The unknown English artist shows the Thames as a busy thoroughfare congested with large and small vessels. The street scenes on the south side of the Thames (bottom right) show many people going about their daily business. Meanwhile on the north side of the river, in the immediate vicinity of Old St Pauls and further afield, every street, lane and alleyway is packed to the rafters with buildings big and small. Although nowhere near as congested or populated as it is today, we see London as a large and bustling metropolis.

Jones has been a little more economical with the level of detail conjuring the streets around Old St Pauls. The south bank of the river Thames shows a number of dwellings immediately surrounded by what look like tended and ploughed fields but this may be for aesthetic and presentation reasons rather than topographical accuracy. Our view positions us in the middle of a deserted street with three-storey buildings framing our line of vision and directing it, tunnel-like, forwards and downwards towards Old St Pauls, right at the centre of the distant cityscape.

This use of perspective (where an artist plots three dimensional space or objects on a two dimensional surface) plants us firmly on that deserted street, whereas there is nowhere for us to stand in the panoramic view painting of London.

The architecture on the left and right of Jones’ drawing give the composition symmetry. Diagonal, linear details of the facades recede in space, counter-balanced by horizontal lines indicating the end of the road, stretch of river and rooftop of the cathedral.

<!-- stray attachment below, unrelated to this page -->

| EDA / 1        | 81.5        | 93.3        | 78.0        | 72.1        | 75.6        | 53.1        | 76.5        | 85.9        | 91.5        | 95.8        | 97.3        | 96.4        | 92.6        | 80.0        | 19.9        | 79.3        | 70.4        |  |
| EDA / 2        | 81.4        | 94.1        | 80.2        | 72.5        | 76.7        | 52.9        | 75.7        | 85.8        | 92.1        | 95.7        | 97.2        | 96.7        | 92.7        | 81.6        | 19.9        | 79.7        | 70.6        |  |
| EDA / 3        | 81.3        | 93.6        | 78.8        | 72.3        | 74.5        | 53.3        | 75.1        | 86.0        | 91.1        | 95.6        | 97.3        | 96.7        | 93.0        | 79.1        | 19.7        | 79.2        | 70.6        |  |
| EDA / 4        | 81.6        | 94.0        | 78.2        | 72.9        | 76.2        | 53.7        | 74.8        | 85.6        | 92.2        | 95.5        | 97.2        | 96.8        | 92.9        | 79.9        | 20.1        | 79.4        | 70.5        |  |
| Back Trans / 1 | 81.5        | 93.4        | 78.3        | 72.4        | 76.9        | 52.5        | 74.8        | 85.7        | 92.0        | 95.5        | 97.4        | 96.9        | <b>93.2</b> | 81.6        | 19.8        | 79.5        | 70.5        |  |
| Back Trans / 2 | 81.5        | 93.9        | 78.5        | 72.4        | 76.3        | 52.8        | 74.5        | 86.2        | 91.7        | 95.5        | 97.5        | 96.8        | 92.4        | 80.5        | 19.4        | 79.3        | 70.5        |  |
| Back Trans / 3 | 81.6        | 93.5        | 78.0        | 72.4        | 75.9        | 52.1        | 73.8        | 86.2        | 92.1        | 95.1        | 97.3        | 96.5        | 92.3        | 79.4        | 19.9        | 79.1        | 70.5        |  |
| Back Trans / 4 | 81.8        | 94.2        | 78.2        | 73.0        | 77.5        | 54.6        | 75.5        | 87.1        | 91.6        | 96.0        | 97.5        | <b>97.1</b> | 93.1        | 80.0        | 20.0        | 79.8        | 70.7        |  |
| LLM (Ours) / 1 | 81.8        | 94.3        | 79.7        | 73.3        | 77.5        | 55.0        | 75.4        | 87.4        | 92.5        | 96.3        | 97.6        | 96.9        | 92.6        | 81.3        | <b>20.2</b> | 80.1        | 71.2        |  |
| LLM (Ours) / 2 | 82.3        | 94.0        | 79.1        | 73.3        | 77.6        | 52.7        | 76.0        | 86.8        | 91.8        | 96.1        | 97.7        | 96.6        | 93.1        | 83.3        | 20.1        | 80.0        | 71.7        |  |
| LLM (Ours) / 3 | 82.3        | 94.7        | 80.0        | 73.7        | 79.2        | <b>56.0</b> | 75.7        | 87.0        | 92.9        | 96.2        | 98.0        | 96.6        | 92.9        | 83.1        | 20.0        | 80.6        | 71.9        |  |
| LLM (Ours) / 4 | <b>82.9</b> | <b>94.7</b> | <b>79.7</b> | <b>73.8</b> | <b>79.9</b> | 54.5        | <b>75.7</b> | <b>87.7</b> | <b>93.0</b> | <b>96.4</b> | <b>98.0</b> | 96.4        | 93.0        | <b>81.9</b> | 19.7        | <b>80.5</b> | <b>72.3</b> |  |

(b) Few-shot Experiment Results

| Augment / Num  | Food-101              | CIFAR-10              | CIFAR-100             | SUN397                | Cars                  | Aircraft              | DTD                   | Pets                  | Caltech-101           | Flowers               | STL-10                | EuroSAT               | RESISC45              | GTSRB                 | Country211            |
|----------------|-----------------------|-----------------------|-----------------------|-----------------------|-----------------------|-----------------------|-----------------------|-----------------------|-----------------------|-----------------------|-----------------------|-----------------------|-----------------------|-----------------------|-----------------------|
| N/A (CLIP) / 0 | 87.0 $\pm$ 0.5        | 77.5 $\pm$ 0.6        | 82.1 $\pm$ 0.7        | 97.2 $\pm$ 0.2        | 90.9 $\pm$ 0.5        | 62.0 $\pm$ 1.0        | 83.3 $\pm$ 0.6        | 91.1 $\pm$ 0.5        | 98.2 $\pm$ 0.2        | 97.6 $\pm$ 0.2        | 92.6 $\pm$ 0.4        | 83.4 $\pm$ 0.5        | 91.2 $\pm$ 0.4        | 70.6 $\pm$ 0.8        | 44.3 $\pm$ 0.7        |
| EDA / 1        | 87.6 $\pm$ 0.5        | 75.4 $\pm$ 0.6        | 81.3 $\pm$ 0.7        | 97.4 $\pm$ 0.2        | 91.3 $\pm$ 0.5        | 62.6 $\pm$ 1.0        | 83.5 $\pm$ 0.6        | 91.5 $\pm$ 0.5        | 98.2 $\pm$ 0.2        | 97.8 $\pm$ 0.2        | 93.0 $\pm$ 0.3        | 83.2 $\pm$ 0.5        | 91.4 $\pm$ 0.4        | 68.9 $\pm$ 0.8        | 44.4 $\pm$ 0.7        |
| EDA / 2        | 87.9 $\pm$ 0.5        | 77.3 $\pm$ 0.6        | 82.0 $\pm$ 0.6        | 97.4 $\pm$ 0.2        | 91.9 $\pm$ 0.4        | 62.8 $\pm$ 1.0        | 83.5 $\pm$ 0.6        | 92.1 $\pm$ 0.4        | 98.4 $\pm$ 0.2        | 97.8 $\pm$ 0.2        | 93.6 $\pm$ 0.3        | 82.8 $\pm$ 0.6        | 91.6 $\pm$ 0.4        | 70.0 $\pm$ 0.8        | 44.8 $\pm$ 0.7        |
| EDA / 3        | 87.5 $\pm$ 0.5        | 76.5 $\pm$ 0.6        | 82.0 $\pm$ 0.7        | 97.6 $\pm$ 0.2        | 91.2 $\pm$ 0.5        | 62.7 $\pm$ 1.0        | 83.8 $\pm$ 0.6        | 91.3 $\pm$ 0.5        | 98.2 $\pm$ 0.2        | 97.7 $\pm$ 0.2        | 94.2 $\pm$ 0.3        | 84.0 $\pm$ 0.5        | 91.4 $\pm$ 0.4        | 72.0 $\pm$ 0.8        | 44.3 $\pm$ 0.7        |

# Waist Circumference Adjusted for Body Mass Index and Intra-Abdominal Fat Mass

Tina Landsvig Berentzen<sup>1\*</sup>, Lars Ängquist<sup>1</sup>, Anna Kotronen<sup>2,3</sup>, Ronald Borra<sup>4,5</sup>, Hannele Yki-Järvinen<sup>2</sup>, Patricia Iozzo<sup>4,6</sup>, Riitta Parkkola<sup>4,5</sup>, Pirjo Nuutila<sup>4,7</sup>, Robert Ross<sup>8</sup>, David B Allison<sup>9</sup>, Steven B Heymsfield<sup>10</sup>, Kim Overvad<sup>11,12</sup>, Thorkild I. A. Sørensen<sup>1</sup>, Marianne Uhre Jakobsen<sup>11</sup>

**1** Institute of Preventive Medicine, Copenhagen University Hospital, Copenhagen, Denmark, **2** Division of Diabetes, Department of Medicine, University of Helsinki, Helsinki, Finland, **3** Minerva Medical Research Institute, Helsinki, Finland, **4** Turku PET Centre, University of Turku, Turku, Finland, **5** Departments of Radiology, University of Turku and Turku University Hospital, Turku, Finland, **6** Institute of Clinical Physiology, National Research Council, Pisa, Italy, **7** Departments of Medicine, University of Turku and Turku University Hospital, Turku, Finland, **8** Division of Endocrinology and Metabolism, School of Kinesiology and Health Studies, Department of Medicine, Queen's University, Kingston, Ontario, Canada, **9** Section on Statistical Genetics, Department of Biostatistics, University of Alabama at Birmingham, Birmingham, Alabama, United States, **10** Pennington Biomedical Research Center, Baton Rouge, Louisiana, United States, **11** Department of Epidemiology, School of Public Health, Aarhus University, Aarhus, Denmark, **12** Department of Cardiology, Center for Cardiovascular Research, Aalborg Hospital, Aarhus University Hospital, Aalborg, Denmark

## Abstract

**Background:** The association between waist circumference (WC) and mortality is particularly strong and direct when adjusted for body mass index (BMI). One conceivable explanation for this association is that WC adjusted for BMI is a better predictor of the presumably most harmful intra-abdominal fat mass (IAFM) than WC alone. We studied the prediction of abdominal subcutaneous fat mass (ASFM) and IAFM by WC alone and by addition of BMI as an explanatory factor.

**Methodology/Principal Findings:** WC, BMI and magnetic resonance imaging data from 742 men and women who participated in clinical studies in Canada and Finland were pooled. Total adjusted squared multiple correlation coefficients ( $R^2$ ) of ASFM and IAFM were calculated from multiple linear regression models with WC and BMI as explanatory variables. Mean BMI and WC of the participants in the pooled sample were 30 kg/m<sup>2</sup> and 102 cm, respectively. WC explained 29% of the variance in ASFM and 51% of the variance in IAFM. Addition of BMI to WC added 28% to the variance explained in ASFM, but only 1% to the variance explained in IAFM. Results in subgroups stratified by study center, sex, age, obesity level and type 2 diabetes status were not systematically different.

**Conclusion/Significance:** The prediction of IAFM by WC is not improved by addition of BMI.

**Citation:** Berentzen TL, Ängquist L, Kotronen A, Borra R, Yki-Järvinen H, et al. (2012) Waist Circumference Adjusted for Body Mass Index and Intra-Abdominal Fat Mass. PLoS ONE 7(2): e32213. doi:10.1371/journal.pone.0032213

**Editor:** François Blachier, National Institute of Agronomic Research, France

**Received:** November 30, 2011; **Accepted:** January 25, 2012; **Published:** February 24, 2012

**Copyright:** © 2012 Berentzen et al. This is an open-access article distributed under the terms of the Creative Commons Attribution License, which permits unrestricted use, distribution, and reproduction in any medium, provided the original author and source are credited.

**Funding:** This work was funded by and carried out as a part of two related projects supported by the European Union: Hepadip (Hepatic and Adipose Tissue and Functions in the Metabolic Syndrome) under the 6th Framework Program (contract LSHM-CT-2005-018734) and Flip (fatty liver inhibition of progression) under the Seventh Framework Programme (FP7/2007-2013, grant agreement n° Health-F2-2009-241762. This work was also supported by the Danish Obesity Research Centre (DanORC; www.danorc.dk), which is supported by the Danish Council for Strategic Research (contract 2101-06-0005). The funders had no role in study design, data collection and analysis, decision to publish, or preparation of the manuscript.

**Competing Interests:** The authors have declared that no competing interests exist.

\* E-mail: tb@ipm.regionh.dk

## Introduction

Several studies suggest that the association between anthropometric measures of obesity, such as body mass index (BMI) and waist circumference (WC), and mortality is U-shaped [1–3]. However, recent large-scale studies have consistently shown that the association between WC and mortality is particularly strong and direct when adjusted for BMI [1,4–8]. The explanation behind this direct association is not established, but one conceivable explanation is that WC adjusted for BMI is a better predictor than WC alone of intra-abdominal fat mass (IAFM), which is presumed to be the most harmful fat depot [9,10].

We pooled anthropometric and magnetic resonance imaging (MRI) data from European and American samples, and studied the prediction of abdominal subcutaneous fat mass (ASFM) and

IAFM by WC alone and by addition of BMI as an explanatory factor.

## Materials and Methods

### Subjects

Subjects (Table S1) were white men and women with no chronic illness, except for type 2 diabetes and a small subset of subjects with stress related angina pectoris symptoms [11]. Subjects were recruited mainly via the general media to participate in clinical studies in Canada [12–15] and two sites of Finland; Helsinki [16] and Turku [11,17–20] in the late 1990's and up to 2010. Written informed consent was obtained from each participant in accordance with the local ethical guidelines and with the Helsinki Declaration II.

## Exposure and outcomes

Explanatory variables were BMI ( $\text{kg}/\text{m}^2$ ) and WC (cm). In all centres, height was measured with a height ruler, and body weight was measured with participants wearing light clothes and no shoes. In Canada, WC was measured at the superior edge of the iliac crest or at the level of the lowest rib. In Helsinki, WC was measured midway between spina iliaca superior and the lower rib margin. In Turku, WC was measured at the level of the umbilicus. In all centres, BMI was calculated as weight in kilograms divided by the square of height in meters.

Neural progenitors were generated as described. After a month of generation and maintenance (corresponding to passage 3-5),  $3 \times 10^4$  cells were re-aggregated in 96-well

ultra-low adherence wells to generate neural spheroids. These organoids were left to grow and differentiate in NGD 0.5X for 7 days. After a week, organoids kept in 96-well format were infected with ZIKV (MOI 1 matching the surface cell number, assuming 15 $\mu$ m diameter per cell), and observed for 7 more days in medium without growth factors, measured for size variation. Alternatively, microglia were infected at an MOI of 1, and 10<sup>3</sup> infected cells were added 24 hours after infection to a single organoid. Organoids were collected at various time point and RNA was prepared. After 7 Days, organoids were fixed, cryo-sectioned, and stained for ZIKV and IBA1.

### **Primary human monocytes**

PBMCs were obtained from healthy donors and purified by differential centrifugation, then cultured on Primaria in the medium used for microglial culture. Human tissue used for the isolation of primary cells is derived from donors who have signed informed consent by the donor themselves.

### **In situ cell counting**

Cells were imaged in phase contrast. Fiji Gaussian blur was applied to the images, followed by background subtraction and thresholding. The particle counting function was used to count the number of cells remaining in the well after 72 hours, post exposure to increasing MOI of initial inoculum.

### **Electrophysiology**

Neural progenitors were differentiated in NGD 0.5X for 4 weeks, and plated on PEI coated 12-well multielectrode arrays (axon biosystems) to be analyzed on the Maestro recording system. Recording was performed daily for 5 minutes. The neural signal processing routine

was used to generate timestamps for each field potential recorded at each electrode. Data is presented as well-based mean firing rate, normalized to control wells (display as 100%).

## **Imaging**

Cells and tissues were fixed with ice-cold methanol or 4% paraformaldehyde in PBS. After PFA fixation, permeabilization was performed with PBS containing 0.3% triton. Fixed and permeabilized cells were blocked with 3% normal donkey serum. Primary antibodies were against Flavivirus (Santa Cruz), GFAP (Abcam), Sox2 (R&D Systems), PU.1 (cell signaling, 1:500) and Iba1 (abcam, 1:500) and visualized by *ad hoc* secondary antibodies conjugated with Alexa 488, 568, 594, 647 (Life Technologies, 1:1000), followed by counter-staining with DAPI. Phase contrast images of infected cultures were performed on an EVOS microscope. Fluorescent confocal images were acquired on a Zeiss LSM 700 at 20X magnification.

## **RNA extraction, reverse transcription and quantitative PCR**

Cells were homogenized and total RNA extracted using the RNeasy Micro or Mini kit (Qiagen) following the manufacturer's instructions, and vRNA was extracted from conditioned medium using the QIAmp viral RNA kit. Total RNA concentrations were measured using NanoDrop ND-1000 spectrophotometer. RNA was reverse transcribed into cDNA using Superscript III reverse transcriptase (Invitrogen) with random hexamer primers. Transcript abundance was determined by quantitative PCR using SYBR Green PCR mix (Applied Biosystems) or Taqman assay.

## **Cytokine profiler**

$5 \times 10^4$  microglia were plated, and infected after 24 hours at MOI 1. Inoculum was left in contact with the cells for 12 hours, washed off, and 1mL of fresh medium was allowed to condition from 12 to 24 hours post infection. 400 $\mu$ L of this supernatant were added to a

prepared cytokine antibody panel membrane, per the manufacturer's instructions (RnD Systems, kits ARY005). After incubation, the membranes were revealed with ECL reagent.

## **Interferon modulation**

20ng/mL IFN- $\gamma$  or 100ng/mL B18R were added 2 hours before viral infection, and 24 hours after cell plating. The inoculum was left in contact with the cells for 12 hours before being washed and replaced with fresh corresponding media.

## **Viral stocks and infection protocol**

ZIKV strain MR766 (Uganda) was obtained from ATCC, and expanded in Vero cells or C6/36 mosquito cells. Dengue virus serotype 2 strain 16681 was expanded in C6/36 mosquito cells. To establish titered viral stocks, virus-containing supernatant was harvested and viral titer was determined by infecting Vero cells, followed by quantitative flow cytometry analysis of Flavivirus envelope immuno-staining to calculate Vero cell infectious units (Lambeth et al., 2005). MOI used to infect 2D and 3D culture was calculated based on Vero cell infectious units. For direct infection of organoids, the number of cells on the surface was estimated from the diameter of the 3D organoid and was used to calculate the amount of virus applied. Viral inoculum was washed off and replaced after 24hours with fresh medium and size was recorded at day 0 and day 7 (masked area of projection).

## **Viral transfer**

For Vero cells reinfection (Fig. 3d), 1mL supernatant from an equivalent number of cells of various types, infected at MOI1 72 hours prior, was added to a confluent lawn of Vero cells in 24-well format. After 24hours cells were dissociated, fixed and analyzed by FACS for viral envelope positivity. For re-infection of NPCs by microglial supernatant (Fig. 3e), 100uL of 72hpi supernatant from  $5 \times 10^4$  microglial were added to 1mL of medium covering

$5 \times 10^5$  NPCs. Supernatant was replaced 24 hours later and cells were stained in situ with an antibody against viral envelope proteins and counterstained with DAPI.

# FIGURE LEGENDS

The symmetry and use of perspective make this drawing look more artificial; more heavily designed than the view painting.

That stage-like artifice is appropriate because this drawing is one of Jones’ designs for a masque – a theatrical piece of courtly entertainment involving dancing and acting wearing masks. Jones collaborated with poet and playwright William Davenant; the drawing is a design for the opening scene of Britannia Triumphans, performed at court in January 1638 and with the masquers led by Charles I. With its evident strong political overtones, it chimed with the Stuart King’s belief in his divine right to rule Great Britain. The stage setting, with all perspectival routes landing on Old St Pauls, symbolically reinforces the idea that London is more than a city and more than a scenic backdrop. It represents the whole of the kingdom. 

While stage-like, this drawing calls our attention to another feature of Jones’ work that sets him apart from his contemporaries. He was the first English designer to use architectural perspective in his stage settings. So, while it might look staged to us today, it was intended to create the illusion of reality.